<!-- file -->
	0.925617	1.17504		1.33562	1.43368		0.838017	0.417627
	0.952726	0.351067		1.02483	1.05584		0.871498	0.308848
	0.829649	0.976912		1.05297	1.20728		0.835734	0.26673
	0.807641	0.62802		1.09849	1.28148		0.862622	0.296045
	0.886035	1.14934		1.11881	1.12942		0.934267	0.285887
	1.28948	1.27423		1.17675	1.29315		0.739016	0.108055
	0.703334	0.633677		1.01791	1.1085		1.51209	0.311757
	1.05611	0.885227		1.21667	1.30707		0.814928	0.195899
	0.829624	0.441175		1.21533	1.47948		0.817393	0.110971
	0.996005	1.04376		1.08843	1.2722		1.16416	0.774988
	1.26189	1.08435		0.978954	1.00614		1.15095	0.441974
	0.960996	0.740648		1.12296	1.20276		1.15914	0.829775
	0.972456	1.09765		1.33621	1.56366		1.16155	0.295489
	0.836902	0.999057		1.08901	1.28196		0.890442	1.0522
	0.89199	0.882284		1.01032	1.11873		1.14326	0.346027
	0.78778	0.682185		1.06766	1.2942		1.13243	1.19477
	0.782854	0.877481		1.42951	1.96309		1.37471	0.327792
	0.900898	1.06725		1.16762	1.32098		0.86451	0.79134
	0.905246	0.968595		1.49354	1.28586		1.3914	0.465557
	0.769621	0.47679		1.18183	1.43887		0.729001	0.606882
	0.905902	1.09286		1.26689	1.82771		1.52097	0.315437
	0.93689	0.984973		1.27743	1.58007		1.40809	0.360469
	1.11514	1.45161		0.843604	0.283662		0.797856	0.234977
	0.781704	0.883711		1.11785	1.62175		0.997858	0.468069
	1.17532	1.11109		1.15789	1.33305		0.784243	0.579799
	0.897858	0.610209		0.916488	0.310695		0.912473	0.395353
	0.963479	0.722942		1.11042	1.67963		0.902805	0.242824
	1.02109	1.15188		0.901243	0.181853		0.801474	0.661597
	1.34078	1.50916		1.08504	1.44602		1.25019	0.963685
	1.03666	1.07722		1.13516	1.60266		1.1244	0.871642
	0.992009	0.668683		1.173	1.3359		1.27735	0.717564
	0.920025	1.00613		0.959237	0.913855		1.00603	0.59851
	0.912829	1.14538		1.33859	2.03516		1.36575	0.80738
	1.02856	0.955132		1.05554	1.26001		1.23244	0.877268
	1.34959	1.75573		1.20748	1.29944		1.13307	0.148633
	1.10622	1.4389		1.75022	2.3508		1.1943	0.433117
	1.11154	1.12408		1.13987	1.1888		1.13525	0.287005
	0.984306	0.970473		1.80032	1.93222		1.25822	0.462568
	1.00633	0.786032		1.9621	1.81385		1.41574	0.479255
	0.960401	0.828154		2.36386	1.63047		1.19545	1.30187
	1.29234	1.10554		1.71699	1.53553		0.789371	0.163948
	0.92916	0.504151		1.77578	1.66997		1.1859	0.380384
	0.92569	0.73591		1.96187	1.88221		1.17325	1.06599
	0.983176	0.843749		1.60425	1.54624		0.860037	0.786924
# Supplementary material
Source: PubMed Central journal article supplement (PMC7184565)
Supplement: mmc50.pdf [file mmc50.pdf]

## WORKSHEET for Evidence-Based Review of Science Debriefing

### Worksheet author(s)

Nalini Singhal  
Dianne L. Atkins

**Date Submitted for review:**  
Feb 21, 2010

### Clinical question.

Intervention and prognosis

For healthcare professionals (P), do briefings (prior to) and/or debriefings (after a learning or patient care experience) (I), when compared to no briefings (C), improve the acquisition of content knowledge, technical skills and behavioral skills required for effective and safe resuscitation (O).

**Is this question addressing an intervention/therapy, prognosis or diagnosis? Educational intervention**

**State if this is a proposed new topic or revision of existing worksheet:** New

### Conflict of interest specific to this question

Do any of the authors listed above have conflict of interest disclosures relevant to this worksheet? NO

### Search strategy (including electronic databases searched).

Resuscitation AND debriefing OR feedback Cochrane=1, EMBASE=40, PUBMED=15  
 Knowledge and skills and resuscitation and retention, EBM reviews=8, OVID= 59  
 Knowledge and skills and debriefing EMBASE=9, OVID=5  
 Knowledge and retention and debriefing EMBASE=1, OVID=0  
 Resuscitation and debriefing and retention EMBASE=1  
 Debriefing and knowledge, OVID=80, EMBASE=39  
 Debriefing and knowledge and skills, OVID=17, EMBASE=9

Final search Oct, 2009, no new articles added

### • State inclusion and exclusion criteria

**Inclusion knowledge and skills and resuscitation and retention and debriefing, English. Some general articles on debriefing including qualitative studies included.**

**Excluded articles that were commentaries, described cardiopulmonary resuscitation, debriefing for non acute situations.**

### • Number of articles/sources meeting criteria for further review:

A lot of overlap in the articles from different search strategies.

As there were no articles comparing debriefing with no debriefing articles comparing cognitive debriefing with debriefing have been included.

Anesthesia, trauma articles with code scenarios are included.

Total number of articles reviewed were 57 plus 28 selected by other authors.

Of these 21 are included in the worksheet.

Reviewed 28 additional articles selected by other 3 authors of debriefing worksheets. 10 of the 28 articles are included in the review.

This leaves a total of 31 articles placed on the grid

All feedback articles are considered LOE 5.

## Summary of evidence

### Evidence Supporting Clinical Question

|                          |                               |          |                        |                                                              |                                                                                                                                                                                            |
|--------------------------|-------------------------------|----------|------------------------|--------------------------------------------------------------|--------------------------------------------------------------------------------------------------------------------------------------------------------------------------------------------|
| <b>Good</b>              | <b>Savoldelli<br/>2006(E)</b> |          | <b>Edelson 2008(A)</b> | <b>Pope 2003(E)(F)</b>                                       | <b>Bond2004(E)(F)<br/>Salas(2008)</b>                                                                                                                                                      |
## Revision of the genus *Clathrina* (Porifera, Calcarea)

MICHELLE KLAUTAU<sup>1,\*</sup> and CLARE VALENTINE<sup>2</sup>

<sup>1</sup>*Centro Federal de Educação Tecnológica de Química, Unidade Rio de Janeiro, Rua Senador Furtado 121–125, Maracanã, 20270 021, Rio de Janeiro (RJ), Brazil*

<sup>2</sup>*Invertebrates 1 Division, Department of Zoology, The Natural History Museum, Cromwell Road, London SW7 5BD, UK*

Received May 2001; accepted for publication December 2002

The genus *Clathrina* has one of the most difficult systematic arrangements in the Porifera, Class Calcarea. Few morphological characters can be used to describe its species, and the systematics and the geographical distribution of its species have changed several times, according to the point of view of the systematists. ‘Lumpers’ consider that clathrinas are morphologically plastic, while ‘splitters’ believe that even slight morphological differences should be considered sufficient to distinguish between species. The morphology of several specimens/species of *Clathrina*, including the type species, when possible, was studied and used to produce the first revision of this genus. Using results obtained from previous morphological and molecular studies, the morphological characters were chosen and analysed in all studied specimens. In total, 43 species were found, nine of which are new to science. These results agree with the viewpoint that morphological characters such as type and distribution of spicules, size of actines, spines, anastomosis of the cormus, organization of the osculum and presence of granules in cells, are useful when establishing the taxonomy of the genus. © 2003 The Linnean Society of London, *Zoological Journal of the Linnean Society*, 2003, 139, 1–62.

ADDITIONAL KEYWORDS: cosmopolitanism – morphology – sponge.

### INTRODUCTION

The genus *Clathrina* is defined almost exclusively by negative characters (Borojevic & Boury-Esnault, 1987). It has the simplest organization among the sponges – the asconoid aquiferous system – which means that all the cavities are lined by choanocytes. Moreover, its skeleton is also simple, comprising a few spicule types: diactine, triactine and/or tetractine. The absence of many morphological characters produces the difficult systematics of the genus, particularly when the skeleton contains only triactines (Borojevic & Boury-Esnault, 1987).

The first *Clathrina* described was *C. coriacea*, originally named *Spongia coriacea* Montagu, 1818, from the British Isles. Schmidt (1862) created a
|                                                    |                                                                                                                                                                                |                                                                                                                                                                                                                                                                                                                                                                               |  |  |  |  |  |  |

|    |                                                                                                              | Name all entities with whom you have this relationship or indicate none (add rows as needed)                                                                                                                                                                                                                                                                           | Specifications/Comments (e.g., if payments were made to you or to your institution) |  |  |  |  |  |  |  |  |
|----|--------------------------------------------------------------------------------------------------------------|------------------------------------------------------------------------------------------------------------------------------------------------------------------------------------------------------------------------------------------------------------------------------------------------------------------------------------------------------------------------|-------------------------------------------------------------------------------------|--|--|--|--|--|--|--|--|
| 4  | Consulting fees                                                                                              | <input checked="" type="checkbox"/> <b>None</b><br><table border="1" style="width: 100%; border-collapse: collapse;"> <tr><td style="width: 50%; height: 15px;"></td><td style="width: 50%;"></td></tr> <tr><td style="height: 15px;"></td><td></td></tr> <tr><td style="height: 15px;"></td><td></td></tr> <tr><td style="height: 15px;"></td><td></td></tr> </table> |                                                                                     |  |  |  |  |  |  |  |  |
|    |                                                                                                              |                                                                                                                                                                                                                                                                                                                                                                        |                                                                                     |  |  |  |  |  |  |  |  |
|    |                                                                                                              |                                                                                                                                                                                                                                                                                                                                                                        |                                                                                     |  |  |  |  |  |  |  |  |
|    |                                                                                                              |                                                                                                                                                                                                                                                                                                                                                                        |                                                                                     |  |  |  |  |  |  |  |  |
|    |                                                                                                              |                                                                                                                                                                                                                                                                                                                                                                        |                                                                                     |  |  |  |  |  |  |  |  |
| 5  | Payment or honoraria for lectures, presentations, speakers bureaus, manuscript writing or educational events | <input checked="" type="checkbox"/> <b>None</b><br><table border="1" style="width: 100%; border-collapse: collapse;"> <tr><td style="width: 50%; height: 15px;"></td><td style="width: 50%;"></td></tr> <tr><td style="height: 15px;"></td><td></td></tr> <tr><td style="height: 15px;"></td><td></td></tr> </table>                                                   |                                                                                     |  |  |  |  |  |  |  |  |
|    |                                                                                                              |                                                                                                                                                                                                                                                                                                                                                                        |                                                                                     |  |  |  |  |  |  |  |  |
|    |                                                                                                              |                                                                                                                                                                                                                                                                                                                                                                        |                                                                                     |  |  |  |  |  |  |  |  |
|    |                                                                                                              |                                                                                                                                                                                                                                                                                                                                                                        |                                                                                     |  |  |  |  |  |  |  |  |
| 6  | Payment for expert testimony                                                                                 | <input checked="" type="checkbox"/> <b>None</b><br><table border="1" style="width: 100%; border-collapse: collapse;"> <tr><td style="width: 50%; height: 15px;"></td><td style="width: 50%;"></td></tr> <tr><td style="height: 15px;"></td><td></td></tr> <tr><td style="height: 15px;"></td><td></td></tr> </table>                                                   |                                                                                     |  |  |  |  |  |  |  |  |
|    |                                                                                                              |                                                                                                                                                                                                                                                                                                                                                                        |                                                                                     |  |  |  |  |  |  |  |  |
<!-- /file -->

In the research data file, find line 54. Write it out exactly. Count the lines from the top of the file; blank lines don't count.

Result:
### Clinical question.